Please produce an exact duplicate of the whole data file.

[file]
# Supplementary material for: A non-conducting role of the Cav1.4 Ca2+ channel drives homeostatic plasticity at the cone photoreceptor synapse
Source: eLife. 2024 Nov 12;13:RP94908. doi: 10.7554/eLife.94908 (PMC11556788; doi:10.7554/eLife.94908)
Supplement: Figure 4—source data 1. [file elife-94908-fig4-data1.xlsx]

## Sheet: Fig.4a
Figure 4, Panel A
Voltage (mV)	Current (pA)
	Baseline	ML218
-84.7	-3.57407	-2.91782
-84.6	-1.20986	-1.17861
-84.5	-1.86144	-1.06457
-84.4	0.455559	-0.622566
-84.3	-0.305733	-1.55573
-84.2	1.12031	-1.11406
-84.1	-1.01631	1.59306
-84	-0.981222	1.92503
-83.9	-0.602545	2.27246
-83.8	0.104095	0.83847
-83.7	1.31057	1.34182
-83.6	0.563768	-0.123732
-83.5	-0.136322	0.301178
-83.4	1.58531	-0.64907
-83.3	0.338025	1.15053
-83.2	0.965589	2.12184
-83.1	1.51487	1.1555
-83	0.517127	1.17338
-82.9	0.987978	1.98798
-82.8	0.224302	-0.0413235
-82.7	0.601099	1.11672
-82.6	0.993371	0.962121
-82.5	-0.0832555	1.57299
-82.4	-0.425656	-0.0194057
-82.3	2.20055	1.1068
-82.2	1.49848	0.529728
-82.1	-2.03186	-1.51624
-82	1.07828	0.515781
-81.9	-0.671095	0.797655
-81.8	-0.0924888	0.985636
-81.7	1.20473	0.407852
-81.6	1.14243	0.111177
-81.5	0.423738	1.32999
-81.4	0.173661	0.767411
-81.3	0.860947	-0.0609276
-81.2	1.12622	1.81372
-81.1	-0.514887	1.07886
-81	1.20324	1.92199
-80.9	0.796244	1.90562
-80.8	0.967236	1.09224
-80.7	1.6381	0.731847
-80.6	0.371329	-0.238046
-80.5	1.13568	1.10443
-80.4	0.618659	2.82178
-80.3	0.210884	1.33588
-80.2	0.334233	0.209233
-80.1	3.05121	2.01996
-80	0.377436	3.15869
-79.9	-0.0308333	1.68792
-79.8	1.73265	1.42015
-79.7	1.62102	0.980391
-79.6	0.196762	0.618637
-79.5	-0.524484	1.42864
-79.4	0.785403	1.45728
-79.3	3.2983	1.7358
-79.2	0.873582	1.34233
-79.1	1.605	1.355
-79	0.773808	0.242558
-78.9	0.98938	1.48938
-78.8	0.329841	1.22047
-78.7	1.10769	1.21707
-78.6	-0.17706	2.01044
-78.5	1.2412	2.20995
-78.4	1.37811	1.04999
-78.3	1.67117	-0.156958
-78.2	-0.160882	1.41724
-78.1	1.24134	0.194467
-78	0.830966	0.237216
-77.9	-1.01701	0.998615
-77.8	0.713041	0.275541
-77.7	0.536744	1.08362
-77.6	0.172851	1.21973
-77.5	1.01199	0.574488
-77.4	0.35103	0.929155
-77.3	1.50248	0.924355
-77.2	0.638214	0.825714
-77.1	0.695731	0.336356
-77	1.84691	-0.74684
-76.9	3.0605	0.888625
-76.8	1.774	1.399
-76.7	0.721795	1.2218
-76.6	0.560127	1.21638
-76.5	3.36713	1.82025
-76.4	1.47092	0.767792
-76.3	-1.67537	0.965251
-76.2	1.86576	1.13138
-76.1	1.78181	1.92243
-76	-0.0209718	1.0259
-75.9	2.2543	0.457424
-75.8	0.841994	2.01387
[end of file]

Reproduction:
# Supplementary material for: A non-conducting role of the Cav1.4 Ca2+ channel drives homeostatic plasticity at the cone photoreceptor synapse
Source: eLife. 2024 Nov 12;13:RP94908. doi: 10.7554/eLife.94908 (PMC11556788; doi:10.7554/eLife.94908)
Supplement: Figure 4—source data 1. [file elife-94908-fig4-data1.xlsx]

## Sheet: Fig.4a
Figure 4, Panel A
Voltage (mV)	Current (pA)
	Baseline	ML218
-84.7	-3.57407	-2.91782
-84.6	-1.20986	-1.17861
-84.5	-1.86144	-1.06457
-84.4	0.455559	-0.622566
-84.3	-0.305733	-1.55573
-84.2	1.12031	-1.11406
-84.1	-1.01631	1.59306
-84	-0.981222	1.92503
-83.9	-0.602545	2.27246
-83.8	0.104095	0.83847
-83.7	1.31057	1.34182
-83.6	0.563768	-0.123732
-83.5	-0.136322	0.301178
-83.4	1.58531	-0.64907
-83.3	0.338025	1.15053
-83.2	0.965589	2.12184
-83.1	1.51487	1.1555
-83	0.517127	1.17338
-82.9	0.987978	1.98798
-82.8	0.224302	-0.0413235
-82.7	0.601099	1.11672
-82.6	0.993371	0.962121
-82.5	-0.0832555	1.57299
-82.4	-0.425656	-0.0194057
-82.3	2.20055	1.1068
-82.2	1.49848	0.529728
-82.1	-2.03186	-1.51624
-82	1.07828	0.515781
-81.9	-0.671095	0.797655
-81.8	-0.0924888	0.985636
-81.7	1.20473	0.407852
-81.6	1.14243	0.111177
-81.5	0.423738	1.32999
-81.4	0.173661	0.767411
-81.3	0.860947	-0.0609276
-81.2	1.12622	1.81372
-81.1	-0.514887	1.07886
-81	1.20324	1.92199
-80.9	0.796244	1.90562
-80.8	0.967236	1.09224
-80.7	1.6381	0.731847
-80.6	0.371329	-0.238046
-80.5	1.13568	1.10443
-80.4	0.618659	2.82178
-80.3	0.210884	1.33588
-80.2	0.334233	0.209233
-80.1	3.05121	2.01996
-80	0.377436	3.15869
-79.9	-0.0308333	1.68792
-79.8	1.73265	1.42015
-79.7	1.62102	0.980391
-79.6	0.196762	0.618637
-79.5	-0.524484	1.42864
-79.4	0.785403	1.45728
-79.3	3.2983	1.7358
-79.2	0.873582	1.34233
-79.1	1.605	1.355
-79	0.773808	0.242558
-78.9	0.98938	1.48938
-78.8	0.329841	1.22047
-78.7	1.10769	1.21707
-78.6	-0.17706	2.01044
-78.5	1.2412	2.20995
-78.4	1.37811	1.04999
-78.3	1.67117	-0.156958
-78.2	-0.160882	1.41724
-78.1	1.24134	0.194467
-78	0.830966	0.237216
-77.9	-1.01701	0.998615
-77.8	0.713041	0.275541
-77.7	0.536744	1.08362
-77.6	0.172851	1.21973
-77.5	1.01199	0.574488
-77.4	0.35103	0.929155
-77.3	1.50248	0.924355
-77.2	0.638214	0.825714
-77.1	0.695731	0.336356
-77	1.84691	-0.74684
-76.9	3.0605	0.888625
-76.8	1.774	1.399
-76.7	0.721795	1.2218
-76.6	0.560127	1.21638
-76.5	3.36713	1.82025
-76.4	1.47092	0.767792
-76.3	-1.67537	0.965251
-76.2	1.86576	1.13138
-76.1	1.78181	1.92243
-76	-0.0209718	1.0259
-75.9	2.2543	0.457424
-75.8	0.841994	2.01387